That same month, CDC contacted the Texas state public health lab about Ebola testing, Kubin told me. The lab was a perfect choice — its staff was already highly skilled in handling dangerous infectious and bioterrorism agents. After Kubin received approval from the state health commissioner to move forward with Ebola testing, preparations began. The lab received its first Ebola test kit in August. The test is known as a polymerase chain reaction (PCR) test and it’s a “test that our team is very familiar with running,” Kubin said. To make sure lab staff could accurately use the test, CDC sent them a blind sample panel (or a qualification panel). Staff don’t know what the panel contains and have to effectively deploy the test kit — following its protocols precisely to a tee — to get the correct result. The lab heard from CDC in late August that it had passed the qualification panel on its first attempt.

Kubin and her lab colleagues also began working with epidemiologists within the health department’s Emerging and Acute Infectious Disease Branch to ensure that the proper criteria were in place to determine who would be screened for Ebola. (Kubin noted that the department’s epidemiologists are accustomed to working with local health care providers any time the state experiences a serious outbreak, such as measles or food-borne illness. They’re able to really hone in on the risk factors related to Ebola, which has symptoms similar to many other diseases, and isolate the cases that should be referred for testing, Kubin told me.) Once the epidemiologist gets approval from CDC to test a patient for Ebola, lab staff work with health care providers to make sure blood samples are drawn correctly and the sample is safely packaged and shipped.

On Monday, Sept. 29, at 3 a.m. in the morning, Kubin got notice of a possible Ebola case in Dallas. (That patient was Thomas Eric Duncan, who traveled to Texas from Liberia and who eventually succumbed to the virus.) Later that same day, CDC gave approval for the Texas lab to test Duncan for Ebola, and a specimen was shipped to the lab the next day. The lab received the specimen at 9:07 a.m. on Tuesday, Sept. 30. Results were in just hours later at 1:22 p.m. In addition to testing Duncan, the Texas lab also tested specimens from the two nurses who contracted Ebola while caring for Duncan.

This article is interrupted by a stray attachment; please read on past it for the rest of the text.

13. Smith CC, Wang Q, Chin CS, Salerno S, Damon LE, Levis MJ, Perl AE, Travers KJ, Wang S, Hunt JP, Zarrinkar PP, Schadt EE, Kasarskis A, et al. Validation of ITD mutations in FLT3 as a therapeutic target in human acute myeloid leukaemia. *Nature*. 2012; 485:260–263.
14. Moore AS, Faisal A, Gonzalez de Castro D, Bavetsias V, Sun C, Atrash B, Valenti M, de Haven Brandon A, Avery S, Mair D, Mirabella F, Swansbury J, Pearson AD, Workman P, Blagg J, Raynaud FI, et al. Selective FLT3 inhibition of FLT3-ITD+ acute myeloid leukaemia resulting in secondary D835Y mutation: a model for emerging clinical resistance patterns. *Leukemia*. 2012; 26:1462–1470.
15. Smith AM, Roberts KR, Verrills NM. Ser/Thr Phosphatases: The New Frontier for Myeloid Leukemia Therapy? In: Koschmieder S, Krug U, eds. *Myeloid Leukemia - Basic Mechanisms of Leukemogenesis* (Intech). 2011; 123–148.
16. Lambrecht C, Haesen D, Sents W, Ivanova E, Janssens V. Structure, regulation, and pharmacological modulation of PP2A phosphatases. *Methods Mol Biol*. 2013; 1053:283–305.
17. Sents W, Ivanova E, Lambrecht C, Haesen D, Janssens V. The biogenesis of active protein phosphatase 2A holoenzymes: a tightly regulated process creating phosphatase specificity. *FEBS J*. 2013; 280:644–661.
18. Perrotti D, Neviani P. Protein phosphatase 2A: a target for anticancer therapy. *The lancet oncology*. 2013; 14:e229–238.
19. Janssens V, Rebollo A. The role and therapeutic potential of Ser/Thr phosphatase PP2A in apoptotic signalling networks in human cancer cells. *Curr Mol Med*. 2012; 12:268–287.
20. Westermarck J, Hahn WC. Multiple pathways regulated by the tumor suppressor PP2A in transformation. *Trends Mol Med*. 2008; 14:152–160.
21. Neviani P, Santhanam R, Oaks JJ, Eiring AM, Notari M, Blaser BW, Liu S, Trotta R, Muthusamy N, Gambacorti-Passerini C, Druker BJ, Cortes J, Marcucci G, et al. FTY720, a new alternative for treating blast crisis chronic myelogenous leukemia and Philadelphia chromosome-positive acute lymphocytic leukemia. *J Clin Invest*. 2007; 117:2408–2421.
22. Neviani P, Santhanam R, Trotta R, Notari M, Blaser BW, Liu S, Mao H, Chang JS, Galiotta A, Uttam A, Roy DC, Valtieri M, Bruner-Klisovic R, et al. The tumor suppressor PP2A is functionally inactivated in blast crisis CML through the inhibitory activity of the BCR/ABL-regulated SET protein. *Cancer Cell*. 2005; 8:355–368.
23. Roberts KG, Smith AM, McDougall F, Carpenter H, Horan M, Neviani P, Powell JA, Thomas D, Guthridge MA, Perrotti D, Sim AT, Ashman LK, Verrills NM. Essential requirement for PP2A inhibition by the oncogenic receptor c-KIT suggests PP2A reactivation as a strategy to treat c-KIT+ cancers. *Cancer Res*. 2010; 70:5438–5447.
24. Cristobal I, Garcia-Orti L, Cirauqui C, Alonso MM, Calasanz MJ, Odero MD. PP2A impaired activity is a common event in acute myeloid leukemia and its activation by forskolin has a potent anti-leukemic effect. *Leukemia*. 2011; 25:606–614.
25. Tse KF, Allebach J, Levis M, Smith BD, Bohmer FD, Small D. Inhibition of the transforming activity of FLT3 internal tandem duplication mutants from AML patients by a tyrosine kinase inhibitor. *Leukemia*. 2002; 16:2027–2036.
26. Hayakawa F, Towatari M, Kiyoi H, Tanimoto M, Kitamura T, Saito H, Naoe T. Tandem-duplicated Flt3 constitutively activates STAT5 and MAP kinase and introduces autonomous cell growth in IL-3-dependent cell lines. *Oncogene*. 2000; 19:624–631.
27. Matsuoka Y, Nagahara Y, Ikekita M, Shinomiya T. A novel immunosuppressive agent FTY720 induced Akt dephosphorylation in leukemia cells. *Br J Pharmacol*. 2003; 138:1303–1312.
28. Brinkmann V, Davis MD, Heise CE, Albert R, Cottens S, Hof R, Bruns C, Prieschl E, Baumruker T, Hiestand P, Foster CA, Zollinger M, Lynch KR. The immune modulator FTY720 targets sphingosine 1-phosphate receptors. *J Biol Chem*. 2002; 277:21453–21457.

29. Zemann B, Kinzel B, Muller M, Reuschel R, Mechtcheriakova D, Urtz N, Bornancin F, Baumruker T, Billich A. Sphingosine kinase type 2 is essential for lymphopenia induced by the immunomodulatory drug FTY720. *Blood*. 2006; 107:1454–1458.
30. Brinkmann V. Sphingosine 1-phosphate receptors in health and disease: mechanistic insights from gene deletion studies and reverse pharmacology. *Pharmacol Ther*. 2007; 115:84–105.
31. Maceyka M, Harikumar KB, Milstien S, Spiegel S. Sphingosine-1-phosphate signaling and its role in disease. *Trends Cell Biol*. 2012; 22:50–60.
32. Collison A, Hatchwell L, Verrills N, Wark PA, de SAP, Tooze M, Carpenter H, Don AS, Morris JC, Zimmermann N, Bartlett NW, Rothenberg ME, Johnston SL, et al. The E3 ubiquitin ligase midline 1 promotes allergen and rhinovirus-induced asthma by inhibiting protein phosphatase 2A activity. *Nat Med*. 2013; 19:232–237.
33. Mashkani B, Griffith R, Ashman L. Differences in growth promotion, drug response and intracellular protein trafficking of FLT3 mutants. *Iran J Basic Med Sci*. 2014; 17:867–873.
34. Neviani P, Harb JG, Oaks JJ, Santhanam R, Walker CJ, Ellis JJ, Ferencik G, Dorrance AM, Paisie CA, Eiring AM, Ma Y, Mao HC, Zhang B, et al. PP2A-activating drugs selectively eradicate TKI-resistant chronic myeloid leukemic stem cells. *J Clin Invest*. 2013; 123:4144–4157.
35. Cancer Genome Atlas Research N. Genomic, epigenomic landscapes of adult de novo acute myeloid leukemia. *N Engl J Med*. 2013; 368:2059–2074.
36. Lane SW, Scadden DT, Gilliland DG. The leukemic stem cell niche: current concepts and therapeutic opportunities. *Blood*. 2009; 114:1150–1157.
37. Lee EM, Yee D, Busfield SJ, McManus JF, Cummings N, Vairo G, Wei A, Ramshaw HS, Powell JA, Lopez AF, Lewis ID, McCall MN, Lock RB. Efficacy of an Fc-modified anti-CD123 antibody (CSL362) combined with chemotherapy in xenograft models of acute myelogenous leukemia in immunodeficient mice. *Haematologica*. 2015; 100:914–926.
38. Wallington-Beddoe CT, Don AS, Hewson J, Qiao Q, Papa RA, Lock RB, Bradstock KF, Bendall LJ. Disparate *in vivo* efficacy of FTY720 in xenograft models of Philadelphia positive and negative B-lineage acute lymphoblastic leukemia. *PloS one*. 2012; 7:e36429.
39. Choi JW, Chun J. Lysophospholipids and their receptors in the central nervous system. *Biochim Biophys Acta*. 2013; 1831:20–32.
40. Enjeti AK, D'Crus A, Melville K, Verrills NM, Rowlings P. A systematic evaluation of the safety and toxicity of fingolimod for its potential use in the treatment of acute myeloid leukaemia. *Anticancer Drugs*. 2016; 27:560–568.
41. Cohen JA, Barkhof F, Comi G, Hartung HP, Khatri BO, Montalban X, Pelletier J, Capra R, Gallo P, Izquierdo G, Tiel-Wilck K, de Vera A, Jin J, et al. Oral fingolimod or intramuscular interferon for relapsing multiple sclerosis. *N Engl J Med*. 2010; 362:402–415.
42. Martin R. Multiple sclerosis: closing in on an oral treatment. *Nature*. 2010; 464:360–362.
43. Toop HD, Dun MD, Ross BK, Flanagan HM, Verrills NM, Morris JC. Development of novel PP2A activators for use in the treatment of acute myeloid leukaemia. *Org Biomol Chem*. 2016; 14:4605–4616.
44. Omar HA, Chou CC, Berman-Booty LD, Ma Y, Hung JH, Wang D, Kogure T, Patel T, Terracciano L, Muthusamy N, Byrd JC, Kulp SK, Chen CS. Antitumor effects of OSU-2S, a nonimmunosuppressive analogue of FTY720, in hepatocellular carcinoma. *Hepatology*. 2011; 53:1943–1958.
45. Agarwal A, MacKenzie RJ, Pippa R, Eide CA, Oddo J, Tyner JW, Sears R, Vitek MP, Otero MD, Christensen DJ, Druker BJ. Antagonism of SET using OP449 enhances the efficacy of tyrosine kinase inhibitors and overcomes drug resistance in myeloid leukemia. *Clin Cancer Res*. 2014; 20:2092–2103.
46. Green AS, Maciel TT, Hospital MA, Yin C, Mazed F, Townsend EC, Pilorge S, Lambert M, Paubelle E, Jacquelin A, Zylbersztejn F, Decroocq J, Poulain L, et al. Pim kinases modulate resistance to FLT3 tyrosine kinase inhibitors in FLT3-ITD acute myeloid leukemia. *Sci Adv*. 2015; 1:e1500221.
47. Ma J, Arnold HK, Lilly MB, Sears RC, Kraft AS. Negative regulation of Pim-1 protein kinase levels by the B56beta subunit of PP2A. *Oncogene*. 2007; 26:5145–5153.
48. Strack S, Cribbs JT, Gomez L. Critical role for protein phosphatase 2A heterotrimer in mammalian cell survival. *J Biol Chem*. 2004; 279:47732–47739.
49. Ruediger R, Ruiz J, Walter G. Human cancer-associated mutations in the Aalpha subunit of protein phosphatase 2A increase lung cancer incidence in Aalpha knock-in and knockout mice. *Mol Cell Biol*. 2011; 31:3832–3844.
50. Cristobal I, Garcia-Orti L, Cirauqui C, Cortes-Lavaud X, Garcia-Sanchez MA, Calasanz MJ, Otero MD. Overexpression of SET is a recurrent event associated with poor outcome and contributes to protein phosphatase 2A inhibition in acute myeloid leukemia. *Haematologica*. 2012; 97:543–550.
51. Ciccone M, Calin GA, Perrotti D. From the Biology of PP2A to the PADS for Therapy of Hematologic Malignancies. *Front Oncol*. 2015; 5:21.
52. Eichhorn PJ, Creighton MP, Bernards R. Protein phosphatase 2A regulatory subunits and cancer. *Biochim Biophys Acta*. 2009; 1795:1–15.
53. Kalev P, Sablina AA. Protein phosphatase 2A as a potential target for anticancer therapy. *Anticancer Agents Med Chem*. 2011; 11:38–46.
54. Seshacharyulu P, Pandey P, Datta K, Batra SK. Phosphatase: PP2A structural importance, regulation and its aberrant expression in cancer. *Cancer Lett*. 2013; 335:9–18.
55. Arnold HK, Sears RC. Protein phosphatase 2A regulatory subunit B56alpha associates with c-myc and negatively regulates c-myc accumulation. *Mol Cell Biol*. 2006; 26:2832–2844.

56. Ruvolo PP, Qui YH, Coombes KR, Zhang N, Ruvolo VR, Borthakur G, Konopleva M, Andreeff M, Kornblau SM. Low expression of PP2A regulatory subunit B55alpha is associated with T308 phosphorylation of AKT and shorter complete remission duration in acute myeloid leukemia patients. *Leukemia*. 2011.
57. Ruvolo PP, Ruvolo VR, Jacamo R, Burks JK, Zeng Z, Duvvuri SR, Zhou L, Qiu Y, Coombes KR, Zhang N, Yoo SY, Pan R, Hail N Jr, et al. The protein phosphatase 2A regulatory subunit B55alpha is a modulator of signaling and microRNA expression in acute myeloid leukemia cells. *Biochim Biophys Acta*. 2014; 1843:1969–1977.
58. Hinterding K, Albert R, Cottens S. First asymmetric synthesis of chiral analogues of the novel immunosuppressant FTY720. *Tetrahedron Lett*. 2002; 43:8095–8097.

While I was talking to Kubin about the lab’s role in containing Ebola, it was clear that while Ebola is certainly an unusual threat to face in Texas, the lab’s response is hardly out of the ordinary. Her message was clear: This is what we do — this is what we train for. Like all labs in the LRN, the Texas public health lab has “Biosafety Level 3” capacity, which means it has the training, infrastructure and resources to test for infectious agents that can cause serious and lethal diseases. As an LRN member, the Texas lab also works with hospital and commercial labs (also known as sentinel labs) to provide training on testing as well as how to safely package and ship specimens. (Not surprisingly, when I spoke with Kubin in early November, the lab’s upcoming packaging and shipping training was completely full.)

Kubin credited much of her lab’s emergency capacity, in part, to federal public health preparedness funds. Unfortunately, as of fiscal year 2013, funding for CDC preparedness and response activities was down by $1 billion since funding began in 2002 in response to the Sept. 11 terrorist attacks.

“That funding has allowed us to be ready to handle Ebola,” Kubin said. “That was our foundation, that was our infrastructure. The funding we receive today pays for people who do the work and supports the facility we’re working in. These are highly specialized lab facilities and a huge amount goes into making the people and the environment safe. There will always be ongoing and recurring costs.”